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Encouragement: to fight; to die; to live

Now while they were eating (Jerusalem, AD 30), Jesus having taken bread, having expressed thanks, having broken, and having given to the disciples, said, “Take, eat; this is my body.” And he took a cup, and, when he had given thanks, he gave to them, saying, “Drink of it, all of you, for this - being poured out for many for the forgiveness of sins - is my covenant blood. I tell you I will not drink again of this fruit of the vine until that day when I drink it new with you in my Father’s kingdom.” Having sung hymns, they went out to the Mount of Olives. At that time and to them, Jesus stated, “You will all be stumbled by me this very night because it’s written, ‘I will strike the shepherd, and the sheep of the flock will be scattered.’ But, after I am raised up, I will go ahead of you to Galilee.” But responding to him, Peter said, “Though they are all stumbled by you, I myself will never be stumbled by you.” Jesus declared to him, “Truly, I state to you that this very night, before the rooster crows, you will utterly deny me three times.” Peter stated to him, “Even if I must die with you, I will not utterly deny you!” All the disciples said the same. Matthew 26: 26-35
 
Events and media contributions around the centenary of the eleventh hour of the eleventh day of the eleventh month of 1918 have rightly focussed on those who were killed and broken – or who were the loved ones they left behind.

Chapter 5 of Ian Ronayne’s excellent book on the First World War years in Jersey has the title, “Your Island Needs You” – a take on LORD Kitchener’s famous First World War posters “Your country needs You”. There was enormous encouragement to volunteer – “this is a war worth fighting.”

What would encourage you to go to war today? What do you think is worth fighting for in your case? When we’re about to lose something which we want to retain, do we turn to others to get their endorsement, their encouragement, even their assistance so as to “win”.

 
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‘To me there is nothing more fatuous about mankind than the statement that to think about death is morbid. The person who refuses to face facts is a fool.’ (D M Lloyd Jones, preacher, 1899-1981)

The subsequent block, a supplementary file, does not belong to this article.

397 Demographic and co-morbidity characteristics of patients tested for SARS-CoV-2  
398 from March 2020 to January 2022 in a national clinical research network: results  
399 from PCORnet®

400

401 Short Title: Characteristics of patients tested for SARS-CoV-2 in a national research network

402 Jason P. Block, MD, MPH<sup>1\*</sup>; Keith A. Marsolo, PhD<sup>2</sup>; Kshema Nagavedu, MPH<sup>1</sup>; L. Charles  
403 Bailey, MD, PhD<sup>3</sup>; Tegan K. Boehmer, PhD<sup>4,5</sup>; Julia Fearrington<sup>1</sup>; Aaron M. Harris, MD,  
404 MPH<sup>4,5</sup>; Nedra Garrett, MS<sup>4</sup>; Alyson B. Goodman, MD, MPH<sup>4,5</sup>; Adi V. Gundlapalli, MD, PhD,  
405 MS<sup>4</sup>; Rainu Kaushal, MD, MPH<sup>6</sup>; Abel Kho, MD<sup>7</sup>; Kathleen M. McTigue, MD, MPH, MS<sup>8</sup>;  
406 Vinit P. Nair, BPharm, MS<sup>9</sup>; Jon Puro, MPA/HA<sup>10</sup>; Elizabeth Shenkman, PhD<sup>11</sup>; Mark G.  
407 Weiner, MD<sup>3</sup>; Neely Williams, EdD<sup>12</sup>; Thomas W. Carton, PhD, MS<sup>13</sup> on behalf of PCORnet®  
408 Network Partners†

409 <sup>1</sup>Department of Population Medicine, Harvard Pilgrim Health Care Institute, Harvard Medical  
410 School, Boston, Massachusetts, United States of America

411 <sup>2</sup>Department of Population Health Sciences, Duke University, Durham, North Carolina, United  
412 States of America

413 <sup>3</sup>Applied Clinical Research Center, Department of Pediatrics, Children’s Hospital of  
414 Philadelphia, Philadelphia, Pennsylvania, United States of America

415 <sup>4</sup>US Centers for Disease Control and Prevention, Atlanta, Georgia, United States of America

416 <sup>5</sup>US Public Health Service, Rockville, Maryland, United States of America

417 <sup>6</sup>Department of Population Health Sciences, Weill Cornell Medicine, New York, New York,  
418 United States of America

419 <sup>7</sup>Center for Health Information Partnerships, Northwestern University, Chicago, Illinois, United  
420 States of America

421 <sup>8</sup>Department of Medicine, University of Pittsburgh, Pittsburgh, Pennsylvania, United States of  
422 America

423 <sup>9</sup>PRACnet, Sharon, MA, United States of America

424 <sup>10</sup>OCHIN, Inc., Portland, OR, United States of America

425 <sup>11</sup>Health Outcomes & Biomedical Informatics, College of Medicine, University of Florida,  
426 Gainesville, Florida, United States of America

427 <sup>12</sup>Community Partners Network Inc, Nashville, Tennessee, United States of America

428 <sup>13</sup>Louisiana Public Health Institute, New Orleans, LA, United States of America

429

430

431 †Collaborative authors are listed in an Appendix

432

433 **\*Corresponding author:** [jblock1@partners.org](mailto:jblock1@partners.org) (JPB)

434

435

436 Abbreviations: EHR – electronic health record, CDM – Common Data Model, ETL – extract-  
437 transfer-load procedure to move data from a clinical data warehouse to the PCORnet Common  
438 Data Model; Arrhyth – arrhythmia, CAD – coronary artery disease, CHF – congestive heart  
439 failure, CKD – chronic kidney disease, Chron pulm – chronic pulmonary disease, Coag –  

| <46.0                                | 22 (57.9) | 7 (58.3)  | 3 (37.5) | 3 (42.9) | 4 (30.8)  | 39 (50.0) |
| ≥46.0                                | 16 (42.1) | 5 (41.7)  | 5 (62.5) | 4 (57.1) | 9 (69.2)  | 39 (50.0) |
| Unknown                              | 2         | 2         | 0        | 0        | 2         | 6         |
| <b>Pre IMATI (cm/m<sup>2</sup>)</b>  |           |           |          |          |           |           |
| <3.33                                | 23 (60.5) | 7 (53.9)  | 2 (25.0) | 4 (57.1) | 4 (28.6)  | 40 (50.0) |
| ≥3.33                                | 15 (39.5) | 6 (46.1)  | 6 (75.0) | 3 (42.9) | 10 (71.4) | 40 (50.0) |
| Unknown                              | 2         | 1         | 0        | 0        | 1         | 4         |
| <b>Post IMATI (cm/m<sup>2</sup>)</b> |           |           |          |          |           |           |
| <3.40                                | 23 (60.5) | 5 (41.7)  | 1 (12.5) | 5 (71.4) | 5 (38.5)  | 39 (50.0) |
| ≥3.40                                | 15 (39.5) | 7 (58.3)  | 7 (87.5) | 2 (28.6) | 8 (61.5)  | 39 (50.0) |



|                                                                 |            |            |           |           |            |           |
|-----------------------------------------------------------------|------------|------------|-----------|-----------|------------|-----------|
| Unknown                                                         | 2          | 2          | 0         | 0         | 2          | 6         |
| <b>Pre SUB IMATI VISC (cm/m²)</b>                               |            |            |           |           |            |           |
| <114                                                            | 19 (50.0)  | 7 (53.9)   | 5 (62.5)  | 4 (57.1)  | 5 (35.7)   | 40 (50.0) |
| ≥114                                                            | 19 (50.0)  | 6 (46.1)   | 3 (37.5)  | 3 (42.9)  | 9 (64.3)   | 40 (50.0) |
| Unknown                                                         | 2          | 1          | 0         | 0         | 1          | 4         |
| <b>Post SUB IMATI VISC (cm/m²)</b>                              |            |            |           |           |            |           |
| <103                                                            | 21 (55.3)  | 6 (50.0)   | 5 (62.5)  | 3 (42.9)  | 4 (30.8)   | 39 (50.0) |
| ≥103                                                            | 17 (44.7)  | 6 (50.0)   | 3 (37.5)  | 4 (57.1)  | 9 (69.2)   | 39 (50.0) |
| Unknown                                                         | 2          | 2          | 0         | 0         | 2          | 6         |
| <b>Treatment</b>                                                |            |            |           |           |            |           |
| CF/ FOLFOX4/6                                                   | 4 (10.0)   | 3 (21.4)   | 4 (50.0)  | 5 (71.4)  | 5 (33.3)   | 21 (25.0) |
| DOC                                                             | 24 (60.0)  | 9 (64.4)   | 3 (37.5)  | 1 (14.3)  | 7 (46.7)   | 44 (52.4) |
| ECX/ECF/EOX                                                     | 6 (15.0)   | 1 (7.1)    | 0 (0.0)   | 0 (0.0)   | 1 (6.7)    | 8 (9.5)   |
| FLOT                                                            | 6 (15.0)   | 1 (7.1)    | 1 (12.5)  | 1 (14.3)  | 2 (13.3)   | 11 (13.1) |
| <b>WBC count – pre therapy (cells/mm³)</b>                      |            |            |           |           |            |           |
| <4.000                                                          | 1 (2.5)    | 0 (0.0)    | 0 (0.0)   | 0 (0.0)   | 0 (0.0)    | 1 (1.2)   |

It’s not surprising then that several of the 10 leading historians who were asked by the BBC in 2014 to identify the causes of the First World War, several pointed to “encouragement” as a cause. How so? Well, Germany encouraged the Austro-Hungarian Empire in Vienna to invade its boisterous neighbour Serbia.  And France encouraged the Russian government to respond to German aggression. 

Looking again at Matthew’s first century biography of Jesus, is there anything about any encouragement given to Jesus to fight? Any promises of standing by him in a fight? Any contracts for mutual support in danger on that night before he would be given away to a criminal’s death? 

Jesus had used broken bread to illustrate that he was going to be broken. He had used a cup to illustrate the awful sufferings which he was about to drink. He had referred to having to drink the fruit of the wild vine of his own ethnic family who had turned away from God and had become religious instead.

After they’d all sung hymns together, it’s Peter who, on the Mount of Olives, wanted to encourage Jesus. He said, “I myself will never be stumbled by you.” “Even if I must die with you, I will not utterly deny you!” All the disciples said the same.  Why stumbled? Because Jesus would die?

Encouragement to fight? Yes, from Peter. But Jesus didn’t want his disciples to fight; he knew they wouldn’t anyway. He told them, “You will all be stumbled by me this very night because it’s written, ‘I will strike the shepherd, and the sheep of the flock will be scattered.’ But, after I am raised up, I will go ahead of you to Galilee.” Stumbled by his dying?

According to today’s historians, the leaders of the Austro-Hungarian Empire responded to encouragement to fight. Russia too responded to the bellicose encouragements of France. And more than 40 million lives were broken.

 
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‘The tragedy of war is that it uses humanity’s best to do humanity’s worst.’ (Harry Emerson Fosdick, American pastor, 1878-1969) 
In Jesus’ case it was he who gave very different encouragement to those whom he knew would not stand for him. He said, “… after I am raised up, I will go ahead of you to Galilee.” He knew.

Unlike the 306 British soldiers who were put to death for cowardice during 1914/18, Jesus’ cowardly followers received new life when he rose again. New life through his death, not through fighting.

 
Sinner Syvret

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